In its first 18 months, 140journos operated in relative obscurity. Onder and his co-founders were reporting directly from street protests or courtrooms, sending 140-character Twitter reports about events that mainstream media largely ignored. When the Gezi protests began, however, Onder said their role changed almost overnight. In the information vacuum left by mainstream media, hundreds of people turned to Twitter to report and share news. Sifting through thousands of tweets, 140journos began curating and verifying social media content instead of reporting on the ground. “We wanted to keep a neutral identity so we were always avoiding to be part of the conversation during the Gezi protests,” Onder said.
During Gezi, 140journos gained a loyal following on social media and a reputation as a reliable citizen news network. Today, the organization has a core group of citizen reporters around the country that has already been vetted by 140journos’ editors. “We’re friends with many of them,” said Engin, adding that the group can generally rely on these reporters when there’s a particular story to be covered. 140journos also uses social media in creative ways to build intelligence around what kind of stories might become critical via Twitter lists or Facebook groups based on events or places.
The success of the group has prompted wider interest in their methods. 140journos was recently awarded a European Cultural Fountation grant to organize citizen journalism workshops in cities where there are not enough citizen reporters. Editors from 140journos are meeting with local change-makers or activists who already use social media platforms, but have yet to use them for news reporting. “In Turkey more than 30 million people use Facebook and more than 10 million are on Twitter, but not everyone may not be aware of how to better use the existing infrastructure,” said Onder.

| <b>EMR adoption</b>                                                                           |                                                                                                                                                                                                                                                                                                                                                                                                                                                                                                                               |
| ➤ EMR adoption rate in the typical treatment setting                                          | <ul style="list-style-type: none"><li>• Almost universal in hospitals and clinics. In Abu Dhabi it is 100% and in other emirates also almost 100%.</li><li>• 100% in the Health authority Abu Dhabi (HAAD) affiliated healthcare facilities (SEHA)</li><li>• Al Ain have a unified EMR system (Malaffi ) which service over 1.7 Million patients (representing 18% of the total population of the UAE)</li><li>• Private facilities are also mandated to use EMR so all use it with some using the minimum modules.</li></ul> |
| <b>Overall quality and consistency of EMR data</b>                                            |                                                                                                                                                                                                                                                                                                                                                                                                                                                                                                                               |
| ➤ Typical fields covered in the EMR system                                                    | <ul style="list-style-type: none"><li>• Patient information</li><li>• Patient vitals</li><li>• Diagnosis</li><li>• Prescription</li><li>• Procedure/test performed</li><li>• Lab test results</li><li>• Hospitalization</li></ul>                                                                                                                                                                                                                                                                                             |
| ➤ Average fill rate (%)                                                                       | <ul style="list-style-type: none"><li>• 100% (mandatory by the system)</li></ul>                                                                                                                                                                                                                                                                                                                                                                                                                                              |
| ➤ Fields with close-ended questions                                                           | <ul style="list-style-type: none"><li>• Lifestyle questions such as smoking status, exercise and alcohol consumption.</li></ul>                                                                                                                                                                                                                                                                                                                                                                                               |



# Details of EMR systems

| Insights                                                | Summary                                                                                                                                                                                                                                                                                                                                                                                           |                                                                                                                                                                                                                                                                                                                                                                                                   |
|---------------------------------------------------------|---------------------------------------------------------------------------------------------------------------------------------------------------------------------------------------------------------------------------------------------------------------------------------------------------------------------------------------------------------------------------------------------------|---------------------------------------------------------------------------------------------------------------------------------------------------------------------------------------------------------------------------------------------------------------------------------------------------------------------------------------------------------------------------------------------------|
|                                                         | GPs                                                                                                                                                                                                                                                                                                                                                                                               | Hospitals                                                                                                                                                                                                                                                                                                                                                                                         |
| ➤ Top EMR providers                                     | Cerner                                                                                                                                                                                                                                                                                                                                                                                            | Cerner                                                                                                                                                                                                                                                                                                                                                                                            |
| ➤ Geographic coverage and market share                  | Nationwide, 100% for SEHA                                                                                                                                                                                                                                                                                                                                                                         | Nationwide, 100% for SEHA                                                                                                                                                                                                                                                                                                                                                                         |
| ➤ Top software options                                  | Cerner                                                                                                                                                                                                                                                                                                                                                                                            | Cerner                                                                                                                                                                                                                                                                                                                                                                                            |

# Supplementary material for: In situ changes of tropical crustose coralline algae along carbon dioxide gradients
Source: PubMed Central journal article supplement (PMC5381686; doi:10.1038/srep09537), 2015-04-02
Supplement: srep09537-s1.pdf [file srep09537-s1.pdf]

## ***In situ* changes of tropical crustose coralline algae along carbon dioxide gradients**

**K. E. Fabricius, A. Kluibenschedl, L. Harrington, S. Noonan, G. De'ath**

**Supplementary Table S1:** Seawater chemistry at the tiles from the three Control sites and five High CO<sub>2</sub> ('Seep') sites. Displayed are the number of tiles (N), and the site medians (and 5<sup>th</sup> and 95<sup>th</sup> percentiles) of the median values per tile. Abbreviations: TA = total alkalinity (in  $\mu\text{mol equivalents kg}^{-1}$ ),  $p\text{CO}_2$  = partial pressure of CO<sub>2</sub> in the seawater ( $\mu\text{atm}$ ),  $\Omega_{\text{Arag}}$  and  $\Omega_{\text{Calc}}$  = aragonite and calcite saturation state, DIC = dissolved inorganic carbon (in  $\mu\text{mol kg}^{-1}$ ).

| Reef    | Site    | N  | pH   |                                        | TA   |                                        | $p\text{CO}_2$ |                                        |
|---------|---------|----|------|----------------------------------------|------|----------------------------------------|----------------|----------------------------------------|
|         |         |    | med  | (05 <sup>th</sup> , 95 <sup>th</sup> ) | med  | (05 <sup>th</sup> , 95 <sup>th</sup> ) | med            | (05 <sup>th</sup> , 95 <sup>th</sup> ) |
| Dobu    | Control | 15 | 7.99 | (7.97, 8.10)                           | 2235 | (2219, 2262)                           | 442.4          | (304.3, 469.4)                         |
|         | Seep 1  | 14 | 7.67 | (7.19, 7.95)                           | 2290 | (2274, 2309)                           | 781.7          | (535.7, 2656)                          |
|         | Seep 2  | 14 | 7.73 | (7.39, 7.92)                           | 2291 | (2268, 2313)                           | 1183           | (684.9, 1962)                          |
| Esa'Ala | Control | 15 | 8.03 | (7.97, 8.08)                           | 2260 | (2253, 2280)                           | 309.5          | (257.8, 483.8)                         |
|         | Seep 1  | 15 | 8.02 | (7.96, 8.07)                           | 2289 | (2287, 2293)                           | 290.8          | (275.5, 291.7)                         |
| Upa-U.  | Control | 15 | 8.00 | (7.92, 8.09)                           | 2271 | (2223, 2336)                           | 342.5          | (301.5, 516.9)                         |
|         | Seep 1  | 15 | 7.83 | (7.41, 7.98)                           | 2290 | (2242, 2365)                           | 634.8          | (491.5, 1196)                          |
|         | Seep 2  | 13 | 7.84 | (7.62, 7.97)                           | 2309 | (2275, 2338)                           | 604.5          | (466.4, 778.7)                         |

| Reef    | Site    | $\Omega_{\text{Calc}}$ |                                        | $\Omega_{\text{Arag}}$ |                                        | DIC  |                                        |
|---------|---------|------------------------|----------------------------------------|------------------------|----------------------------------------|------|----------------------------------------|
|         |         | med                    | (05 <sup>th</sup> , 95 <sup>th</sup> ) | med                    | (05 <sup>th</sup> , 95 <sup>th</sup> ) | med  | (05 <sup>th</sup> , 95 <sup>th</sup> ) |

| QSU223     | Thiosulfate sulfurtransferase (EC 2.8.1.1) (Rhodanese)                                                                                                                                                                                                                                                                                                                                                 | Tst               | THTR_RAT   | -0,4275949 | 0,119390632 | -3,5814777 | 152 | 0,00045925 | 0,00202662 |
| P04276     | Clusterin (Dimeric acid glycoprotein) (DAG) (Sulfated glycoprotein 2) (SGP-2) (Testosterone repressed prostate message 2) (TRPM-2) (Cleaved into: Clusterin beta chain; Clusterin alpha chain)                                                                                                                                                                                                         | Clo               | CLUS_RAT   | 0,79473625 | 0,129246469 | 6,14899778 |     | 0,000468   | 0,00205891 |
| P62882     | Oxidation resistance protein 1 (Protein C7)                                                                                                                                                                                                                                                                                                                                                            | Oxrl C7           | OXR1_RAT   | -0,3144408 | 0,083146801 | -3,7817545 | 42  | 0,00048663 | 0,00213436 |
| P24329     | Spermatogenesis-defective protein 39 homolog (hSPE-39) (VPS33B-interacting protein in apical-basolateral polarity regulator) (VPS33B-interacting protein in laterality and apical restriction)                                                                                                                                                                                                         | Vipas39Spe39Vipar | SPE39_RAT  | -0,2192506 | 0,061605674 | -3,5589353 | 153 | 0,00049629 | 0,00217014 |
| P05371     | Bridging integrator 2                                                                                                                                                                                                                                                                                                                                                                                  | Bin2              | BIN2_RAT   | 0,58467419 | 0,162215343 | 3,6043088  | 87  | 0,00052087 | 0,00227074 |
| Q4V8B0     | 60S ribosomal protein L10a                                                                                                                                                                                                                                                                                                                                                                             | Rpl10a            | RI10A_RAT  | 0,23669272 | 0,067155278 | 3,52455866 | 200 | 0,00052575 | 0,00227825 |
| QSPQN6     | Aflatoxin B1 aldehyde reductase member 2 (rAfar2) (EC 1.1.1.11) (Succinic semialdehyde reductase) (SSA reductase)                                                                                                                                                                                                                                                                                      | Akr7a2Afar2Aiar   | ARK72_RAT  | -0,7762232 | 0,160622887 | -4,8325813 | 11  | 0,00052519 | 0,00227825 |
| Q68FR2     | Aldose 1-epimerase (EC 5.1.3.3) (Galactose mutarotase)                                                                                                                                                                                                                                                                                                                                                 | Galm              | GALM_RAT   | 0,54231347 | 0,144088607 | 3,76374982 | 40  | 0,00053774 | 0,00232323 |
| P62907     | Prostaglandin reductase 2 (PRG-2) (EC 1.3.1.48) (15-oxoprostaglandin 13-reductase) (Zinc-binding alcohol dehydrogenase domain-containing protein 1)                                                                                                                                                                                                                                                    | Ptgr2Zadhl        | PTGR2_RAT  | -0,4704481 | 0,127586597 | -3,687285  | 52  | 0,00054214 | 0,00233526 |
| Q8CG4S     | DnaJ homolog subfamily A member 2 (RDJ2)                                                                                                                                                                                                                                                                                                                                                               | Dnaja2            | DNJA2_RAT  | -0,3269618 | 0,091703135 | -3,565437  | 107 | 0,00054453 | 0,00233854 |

It is one thing to have a large, diverse network of citizen reporters, and another to engage this network in an ongoing conversation. Turkey’s social media can be highly partisan and host to heated commentaries. 140journos, however, is very meticulous about using neutral language – to the extent that they keep a collection of “controversial words on social media.” While 140journos might not be liked on social media because their coverage is so neutral, Onder admits, he believes it is essential in order to reach to a diverse set of communities.
140journos strives to turn heated moments into “meaningful discussions” by using explanatory tools, such as maps. Onder described how 140journos created a community discussion around the death of Turkey’s former president Kenan Evren, who died on May 9. Evren was strongly disliked in much of the country at the time of his death, so the news immediately became the most popular topic on Twitter. Among all the visuals and commentaries people were sharing on social media, 140journos team noticed a front-page story from the year Evren was elected president. Though was a poor-quality image, it displayed the results of Evren’s 1982 referendum, showing how cities around Turkey had voted. Using that image and the data it contained, 140journos created these new maps that, Onder explained, offers many insights into Turkey’s current political controversies, thus generating a more informed debate.
140journos is now working on two fronts by growing their team and community, and using better information and visuals to contextualize partisan issues. A key part of this, Onder said, is getting to know the country better by actually visiting cities and organizing workshops. “I can’t really tell where all these efforts are going to take us,” Onder confessed. “But we believe it is going to empower people.”